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Brookings: Xi Jinping’s Africa Policy: The First Year

Author: Yun Sun
April 14, 2014

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"During the first year of the Xi administration, China's policy toward Africa has shown several new trends that illustrate Beijing's evolving priorities and strategies in the continent. These new trends foreseeably will have significant implications for the future of Africa and Sino-Africa relations."

Most strikingly, China under Xi has greatly and assertively enhanced its direct involvement in Africa's security affairs. Two months into Xi's reign, Beijing unprecedentedly dispatched 170 combat troops from the People's Liberation Army's (PLA) Special Force to the United Nations peacekeeping mission in Mali. Compared with China's past tradition of dispatching only non-combat staff such as engineers and medical personnel, this is the first time China sent "combat troops" to a foreign country under a U.N. mandate. It remains to be seen whether the move changes PLA's tacit operating principle of "no troops on foreign soil" given the U.N. authorization and local government consent. Nevertheless, China's choosing Africa to dispatch combat troops for the first time does suggest Beijing's rising interests, enhanced commitment and direct role in maintaining peace and security of Africa.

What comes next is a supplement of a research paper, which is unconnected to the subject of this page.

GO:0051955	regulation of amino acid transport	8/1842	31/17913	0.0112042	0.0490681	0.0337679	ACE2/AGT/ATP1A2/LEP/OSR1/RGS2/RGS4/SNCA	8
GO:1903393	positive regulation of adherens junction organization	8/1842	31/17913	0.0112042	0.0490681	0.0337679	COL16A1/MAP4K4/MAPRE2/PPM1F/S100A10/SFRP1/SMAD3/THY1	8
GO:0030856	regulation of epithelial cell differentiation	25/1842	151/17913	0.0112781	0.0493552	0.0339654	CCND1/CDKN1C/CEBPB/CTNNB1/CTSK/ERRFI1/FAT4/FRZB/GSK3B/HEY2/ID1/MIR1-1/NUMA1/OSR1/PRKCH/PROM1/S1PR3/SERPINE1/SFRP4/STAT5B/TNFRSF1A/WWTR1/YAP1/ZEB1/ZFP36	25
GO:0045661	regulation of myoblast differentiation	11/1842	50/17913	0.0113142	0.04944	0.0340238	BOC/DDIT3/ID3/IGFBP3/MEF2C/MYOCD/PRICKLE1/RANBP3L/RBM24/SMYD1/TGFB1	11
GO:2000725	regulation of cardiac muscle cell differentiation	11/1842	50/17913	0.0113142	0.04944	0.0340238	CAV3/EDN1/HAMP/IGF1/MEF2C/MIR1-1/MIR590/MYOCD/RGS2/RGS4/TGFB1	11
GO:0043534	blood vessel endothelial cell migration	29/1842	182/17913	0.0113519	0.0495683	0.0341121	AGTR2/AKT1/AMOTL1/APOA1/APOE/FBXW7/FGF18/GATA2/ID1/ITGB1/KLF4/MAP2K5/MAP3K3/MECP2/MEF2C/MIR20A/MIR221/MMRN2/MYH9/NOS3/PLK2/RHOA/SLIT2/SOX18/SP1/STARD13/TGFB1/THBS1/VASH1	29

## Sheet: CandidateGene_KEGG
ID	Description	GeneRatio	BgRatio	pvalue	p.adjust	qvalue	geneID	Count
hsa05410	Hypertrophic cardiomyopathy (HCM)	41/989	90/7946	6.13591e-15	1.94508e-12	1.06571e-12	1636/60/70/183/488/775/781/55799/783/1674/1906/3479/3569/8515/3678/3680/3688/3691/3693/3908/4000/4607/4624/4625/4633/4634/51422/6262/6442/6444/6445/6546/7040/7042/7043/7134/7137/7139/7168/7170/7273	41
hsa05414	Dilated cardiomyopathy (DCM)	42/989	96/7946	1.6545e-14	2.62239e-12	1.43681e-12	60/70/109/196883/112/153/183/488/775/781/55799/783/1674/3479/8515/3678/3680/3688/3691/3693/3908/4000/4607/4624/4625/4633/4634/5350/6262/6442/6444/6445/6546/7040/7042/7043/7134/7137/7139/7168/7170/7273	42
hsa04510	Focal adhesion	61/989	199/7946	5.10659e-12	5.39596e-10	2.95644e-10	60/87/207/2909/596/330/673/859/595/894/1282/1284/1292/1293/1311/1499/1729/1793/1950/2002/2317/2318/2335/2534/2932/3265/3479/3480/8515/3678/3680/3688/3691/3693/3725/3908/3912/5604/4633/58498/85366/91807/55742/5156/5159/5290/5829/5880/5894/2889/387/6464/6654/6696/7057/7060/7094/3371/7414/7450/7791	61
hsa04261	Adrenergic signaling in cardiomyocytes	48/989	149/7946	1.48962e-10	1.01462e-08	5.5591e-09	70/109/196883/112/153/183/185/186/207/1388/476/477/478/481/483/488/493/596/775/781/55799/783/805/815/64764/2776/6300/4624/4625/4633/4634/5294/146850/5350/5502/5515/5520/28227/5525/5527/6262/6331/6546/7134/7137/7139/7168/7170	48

In another unprecedented but more surprising move, China under Xi engaged in open intervention in the South Sudan conflict through direct mediation. In 2013, China's special envoy for African affairs, Ambassador Zhong Jianhua, paid more than 10 visits to Africa to coordinate positions and mediate the South Sudan issue. Then, in January 2014, in a rare overt political intervention, Chinese Foreign Minister Wang Yi publicly called for an immediate end of hostilities in South Sudan. At Ethiopia's invitation, Wang Yi traveled to Addis Ababa to meet with rebel and government delegations. He openly urged "immediate cessation of hostilities and violence," and publicly called for the international powers to back the Ethiopian-led mediation efforts. Given China's considerable oil stake in the unstable South Sudan (China imported nearly 14 million barrels of oil from South Sudan in the first 10 months of 2013, twice that from Nigeria), many believe that China is gradually abandoning its long-term "non-interference" principle to protect its overseas economic interests.

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